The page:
The CTG is almost there regarding these requirements; it should make them 
robust. HTTPS URI rewriting is inherently brittle, and so far nobody sees
a way to make it robust enough.

d)	Missing use cases

At the risk of sounding repetitive, let me state once more that the use case
for HTTPS URI rewriting is extremely questionable. It assumes that:

1. Users are ready to forgo end-to-end security for a site where it is expected;
2. they are ready to accept the usability issues that result from transcoding,
probably heightened, because secure sites tend to rely a lot on scripts (e.g.
3. they are ready to accept the fact that, for all technical reasons listed by
Thomas Roessler, HTTPS URI rewriting has a high probability of not working at 
4. this population of users is statistically significant;
5. there is no mobile-optimized site corresponding to the desktop one this
significant population attempts to access via transcoders.

This stretches credibility. HTTPS URI rewriting looks like an abstract, 
contrived use case, not a realistic one. Operators deploying HTTPS-rewriting 
transcoders are already whitelisting a whole range of secure sites -- further 
evidence that HTTPS rewriting and the ensuing break of end-to-end security are 
actually not acceptable. 

e)	Security considerations

What is the way forward?

The CTG should eliminate the section on HTTPS URI rewriting and refrain from 
trying to give the impression that this transformation somehow works (because
it cannot), even with all the prudent caveats already included.

Instead, there should be an independent chapter "Security considerations", just
like in IETF RFC standards, which
1. Lists transformations with potential security impact (cookies, hidden 
variables, scripts, https URI).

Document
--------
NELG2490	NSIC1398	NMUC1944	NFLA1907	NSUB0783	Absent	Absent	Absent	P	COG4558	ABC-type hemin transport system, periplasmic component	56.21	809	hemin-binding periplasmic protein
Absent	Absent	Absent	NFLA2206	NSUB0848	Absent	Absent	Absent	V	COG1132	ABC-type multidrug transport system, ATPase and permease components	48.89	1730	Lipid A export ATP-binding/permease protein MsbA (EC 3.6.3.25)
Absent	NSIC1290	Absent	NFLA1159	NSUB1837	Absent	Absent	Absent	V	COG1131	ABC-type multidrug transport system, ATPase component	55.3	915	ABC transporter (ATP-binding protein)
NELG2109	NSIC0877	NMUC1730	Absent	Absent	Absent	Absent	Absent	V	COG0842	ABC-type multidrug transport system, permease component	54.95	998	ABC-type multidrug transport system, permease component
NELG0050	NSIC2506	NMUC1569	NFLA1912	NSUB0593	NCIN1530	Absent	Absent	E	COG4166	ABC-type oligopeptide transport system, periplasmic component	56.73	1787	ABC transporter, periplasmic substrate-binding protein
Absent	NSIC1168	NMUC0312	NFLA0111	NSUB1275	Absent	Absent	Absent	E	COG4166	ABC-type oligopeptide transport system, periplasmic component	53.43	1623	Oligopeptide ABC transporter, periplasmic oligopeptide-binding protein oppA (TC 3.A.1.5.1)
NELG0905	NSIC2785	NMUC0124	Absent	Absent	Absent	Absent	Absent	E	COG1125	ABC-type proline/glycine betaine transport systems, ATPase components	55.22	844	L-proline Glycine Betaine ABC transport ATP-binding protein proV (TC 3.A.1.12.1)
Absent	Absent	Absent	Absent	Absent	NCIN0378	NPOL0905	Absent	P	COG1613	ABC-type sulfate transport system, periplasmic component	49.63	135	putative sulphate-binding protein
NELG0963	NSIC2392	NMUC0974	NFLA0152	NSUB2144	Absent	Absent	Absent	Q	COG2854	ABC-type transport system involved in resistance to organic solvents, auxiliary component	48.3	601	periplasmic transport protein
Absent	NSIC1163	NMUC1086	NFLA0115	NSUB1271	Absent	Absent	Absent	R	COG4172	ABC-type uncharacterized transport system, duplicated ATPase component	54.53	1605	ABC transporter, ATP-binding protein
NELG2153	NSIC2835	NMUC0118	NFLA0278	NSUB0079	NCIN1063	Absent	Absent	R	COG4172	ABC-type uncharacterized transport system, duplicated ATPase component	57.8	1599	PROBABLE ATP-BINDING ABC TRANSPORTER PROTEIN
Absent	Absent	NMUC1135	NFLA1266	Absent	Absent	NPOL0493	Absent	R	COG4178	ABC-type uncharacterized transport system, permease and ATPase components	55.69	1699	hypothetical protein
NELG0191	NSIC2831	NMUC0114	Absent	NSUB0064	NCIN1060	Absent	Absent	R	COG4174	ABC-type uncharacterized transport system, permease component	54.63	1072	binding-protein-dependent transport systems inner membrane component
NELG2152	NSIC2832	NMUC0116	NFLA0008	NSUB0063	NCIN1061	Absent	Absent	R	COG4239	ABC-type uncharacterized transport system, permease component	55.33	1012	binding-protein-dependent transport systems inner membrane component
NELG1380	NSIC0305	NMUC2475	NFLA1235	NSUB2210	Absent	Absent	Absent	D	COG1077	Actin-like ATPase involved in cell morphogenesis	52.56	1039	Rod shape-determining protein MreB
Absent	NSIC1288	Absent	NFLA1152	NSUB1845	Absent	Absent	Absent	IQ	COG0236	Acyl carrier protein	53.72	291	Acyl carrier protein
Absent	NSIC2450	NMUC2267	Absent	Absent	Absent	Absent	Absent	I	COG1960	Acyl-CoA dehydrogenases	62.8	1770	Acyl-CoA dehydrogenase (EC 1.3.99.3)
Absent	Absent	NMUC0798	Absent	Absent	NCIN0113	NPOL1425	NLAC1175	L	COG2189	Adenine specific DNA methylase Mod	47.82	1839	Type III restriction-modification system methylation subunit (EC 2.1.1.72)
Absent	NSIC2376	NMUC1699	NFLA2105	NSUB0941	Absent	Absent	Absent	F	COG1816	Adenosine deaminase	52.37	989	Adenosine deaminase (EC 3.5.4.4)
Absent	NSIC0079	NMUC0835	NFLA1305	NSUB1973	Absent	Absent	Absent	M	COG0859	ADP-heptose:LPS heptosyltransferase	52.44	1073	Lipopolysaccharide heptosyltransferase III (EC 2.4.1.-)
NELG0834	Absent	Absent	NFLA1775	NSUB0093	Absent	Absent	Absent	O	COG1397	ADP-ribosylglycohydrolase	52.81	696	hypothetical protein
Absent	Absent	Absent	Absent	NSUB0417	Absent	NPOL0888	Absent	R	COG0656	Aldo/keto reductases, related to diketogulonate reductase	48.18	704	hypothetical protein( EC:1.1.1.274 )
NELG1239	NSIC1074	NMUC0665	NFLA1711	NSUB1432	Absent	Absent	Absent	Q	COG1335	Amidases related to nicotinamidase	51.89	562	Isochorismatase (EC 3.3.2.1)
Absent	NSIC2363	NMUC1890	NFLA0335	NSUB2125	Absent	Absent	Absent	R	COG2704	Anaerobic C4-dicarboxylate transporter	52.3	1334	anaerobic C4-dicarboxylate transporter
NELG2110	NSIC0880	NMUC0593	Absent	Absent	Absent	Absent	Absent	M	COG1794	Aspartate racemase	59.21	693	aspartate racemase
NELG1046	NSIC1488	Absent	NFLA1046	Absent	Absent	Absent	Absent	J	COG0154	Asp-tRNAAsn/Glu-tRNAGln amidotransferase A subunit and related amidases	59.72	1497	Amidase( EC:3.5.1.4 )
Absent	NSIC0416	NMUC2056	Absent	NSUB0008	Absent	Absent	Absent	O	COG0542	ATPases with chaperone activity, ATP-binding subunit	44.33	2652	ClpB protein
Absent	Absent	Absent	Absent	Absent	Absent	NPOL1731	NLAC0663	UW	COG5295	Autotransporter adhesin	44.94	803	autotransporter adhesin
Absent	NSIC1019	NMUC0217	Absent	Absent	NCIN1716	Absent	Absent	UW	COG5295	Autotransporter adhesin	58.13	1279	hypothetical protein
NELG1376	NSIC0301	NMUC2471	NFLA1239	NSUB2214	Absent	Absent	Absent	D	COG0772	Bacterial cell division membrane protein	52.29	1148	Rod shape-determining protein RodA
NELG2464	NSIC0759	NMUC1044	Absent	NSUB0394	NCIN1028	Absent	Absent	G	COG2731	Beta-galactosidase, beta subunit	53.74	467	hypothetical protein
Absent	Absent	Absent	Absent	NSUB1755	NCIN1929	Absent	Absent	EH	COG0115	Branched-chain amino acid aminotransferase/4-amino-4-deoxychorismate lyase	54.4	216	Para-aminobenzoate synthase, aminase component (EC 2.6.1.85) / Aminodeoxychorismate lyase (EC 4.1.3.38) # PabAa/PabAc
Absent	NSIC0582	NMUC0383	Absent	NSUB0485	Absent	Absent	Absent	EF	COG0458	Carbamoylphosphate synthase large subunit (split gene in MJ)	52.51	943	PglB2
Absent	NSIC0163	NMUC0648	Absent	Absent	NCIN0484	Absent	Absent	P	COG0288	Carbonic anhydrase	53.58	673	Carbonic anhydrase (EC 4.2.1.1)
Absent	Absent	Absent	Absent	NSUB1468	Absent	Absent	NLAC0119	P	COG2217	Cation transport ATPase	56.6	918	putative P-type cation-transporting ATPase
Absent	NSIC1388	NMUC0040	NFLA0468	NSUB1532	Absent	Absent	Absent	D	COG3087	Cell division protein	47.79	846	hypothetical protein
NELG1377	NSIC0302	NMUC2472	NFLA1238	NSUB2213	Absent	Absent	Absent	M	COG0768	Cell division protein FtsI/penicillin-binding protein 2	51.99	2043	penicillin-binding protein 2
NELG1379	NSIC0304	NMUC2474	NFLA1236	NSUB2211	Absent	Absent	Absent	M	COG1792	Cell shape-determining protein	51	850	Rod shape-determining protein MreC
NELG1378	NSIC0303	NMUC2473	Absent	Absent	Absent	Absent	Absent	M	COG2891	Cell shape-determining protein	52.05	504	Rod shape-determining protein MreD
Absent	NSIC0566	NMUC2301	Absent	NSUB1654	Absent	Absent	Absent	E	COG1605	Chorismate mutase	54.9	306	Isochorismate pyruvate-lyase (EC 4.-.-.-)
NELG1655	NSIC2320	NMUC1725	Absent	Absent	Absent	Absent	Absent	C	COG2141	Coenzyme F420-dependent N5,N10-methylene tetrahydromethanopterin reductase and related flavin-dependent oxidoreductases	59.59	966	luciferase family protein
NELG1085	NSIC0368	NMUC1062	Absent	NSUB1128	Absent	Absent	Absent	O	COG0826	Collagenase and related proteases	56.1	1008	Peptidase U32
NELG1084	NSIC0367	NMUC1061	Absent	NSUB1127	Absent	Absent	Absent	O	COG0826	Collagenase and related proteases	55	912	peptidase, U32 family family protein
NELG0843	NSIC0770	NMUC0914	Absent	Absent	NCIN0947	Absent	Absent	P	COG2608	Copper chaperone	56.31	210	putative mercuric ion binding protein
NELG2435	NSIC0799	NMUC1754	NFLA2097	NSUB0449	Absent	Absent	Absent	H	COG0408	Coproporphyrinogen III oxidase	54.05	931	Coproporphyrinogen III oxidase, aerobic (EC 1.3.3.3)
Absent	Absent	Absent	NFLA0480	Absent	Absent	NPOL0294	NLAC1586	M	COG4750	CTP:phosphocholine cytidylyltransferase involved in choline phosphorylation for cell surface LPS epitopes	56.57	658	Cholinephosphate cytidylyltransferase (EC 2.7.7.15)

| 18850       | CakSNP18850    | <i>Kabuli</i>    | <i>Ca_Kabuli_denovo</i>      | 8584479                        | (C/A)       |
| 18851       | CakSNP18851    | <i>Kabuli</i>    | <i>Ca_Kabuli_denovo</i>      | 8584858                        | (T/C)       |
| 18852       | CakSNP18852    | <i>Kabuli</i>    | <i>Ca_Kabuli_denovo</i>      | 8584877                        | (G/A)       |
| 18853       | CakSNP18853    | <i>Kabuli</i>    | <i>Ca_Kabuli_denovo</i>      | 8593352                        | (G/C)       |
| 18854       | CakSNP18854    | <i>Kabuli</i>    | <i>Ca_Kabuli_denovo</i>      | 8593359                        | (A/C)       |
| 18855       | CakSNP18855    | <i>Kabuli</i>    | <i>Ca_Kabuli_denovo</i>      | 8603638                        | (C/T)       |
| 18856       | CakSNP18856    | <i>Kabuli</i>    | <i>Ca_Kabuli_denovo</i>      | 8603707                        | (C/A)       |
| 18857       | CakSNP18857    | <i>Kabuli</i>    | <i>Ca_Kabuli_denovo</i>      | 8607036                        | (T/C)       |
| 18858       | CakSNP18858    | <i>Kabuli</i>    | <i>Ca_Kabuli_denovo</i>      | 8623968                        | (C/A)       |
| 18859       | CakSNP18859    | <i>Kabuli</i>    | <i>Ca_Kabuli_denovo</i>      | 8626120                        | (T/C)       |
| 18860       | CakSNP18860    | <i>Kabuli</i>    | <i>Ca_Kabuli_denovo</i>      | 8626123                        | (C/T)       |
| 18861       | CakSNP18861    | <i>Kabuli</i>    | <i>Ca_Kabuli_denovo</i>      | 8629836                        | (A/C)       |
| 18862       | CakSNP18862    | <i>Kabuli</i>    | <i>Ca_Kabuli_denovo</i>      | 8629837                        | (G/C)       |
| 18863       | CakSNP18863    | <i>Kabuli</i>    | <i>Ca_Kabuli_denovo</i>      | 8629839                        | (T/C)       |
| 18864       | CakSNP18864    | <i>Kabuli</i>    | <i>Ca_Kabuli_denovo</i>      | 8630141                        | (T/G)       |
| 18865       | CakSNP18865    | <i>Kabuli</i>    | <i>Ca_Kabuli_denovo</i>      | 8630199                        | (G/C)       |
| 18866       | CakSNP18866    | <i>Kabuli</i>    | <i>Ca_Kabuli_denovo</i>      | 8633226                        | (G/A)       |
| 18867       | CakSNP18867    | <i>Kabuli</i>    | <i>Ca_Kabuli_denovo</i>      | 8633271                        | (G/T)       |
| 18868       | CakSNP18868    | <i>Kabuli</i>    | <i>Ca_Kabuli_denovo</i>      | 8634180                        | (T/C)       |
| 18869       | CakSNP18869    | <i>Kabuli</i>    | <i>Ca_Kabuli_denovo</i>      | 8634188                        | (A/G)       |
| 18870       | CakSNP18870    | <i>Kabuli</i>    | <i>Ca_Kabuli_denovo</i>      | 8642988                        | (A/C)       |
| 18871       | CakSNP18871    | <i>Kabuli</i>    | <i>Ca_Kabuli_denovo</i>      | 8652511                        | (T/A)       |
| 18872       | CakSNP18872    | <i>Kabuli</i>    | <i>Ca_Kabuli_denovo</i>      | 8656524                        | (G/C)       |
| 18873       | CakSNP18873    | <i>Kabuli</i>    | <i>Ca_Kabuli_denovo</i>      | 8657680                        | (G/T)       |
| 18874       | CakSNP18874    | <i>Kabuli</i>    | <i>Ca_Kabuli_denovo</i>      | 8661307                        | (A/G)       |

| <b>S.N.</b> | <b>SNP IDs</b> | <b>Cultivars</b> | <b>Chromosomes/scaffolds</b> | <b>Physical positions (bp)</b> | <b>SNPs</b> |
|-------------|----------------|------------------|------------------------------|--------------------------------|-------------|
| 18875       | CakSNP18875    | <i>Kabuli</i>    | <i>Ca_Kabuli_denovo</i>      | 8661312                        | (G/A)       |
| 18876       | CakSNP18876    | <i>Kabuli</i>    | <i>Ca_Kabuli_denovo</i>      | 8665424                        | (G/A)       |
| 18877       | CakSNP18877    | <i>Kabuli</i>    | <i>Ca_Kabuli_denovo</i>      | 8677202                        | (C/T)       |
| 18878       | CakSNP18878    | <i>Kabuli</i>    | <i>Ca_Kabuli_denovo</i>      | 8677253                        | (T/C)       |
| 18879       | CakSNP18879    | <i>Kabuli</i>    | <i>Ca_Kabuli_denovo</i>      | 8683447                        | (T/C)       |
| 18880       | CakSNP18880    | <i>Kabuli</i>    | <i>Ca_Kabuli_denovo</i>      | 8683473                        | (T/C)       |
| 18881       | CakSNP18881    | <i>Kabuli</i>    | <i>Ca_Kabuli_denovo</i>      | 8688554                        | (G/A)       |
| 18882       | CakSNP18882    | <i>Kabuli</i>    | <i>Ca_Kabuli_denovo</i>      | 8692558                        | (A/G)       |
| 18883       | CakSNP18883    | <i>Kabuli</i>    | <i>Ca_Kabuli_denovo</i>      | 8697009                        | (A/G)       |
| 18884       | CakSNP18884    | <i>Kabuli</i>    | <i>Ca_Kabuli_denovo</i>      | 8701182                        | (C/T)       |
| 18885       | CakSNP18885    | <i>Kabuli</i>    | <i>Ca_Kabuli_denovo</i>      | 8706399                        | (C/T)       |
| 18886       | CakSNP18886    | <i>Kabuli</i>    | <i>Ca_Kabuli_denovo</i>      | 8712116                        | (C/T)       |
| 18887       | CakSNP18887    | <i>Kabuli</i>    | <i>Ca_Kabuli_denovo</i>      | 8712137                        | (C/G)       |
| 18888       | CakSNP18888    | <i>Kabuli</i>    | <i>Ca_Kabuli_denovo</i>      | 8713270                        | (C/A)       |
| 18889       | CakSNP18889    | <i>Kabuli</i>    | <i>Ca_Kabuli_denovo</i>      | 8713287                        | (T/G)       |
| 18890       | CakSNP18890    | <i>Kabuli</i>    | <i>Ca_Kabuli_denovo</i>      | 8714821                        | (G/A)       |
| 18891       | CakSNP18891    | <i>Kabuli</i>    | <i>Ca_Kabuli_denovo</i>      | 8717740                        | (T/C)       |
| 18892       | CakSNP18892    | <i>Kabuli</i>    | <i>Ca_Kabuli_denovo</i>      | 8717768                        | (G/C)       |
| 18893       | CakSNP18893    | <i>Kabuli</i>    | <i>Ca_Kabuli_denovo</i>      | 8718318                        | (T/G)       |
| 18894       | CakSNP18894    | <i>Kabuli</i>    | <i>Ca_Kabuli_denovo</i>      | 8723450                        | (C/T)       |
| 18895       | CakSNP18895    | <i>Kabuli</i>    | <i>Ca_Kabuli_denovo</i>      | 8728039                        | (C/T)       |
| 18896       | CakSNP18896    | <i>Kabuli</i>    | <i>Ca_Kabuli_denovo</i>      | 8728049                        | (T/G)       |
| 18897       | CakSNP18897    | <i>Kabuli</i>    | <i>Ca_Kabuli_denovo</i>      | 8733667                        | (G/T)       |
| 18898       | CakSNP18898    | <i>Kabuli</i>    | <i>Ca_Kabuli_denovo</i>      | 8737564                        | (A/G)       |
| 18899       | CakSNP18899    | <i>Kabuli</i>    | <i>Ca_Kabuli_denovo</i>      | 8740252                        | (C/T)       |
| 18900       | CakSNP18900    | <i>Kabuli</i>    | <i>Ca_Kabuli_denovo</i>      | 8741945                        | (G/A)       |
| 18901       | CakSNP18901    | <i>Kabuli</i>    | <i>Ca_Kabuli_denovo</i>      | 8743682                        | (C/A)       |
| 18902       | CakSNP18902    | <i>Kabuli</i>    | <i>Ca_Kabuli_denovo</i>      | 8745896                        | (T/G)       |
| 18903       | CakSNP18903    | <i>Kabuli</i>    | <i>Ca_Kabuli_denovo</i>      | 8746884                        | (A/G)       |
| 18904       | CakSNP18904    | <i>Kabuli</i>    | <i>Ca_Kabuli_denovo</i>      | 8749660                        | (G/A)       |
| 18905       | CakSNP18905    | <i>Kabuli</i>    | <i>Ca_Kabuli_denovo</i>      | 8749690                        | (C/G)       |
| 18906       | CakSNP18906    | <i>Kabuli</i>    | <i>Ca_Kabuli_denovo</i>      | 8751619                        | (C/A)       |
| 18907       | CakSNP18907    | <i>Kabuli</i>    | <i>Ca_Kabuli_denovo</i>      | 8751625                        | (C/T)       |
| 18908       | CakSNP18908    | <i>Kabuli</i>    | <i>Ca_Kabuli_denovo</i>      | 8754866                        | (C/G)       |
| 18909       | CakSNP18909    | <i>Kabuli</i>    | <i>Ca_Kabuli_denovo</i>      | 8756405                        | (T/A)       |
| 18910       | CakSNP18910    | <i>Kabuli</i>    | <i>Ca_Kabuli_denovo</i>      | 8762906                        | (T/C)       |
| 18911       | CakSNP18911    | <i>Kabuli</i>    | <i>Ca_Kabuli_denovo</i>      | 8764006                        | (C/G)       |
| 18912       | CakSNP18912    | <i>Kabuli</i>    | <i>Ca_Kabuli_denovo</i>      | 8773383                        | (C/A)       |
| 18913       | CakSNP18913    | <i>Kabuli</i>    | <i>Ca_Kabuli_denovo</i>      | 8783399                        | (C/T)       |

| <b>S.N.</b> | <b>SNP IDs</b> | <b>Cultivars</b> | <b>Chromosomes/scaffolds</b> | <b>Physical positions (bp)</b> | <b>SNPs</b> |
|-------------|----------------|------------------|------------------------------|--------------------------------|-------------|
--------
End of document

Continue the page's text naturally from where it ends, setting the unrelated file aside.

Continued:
2. Mentions the consequences of HTTPS URI rewriting (break of end-to-end
security, various technical issues by Th.Roessler).
3. Determines that since the CTG is not a legal document, whatever happens at
the proxy level once end-to-end security is broken is undefined (i.e. whatever
happens to passwords, input, communication, etc, is undefined).
4. Refers to the signalling primitives in the main text to enable users to
decide whether to access a service via rewritten links or not, and for servers
to accept or deny a service over a rewritten link.
5. Resolves that because of 2 and 3, transformations that wilfully break 
security are not considered to be good practices.

Let us not fool ourselves with declarations like "The BPWG does not condone 
link rewriting, but..." Once the BPWG spends time (and time it did spend) 
figuring out when and how to do HTTPS URI rewriting, it is condoning the 

This specific transformation causes plenty of security and technical 
problems, intelligent people have tried to make it work acceptably and could 
not; let us nail down the signalling issues and provide a way for clients and 
servers to make an informed decision, but let us forget about HTTPS URI 
rewriting itself.

Received on Monday, 17 November 2008 11:21:57 UTC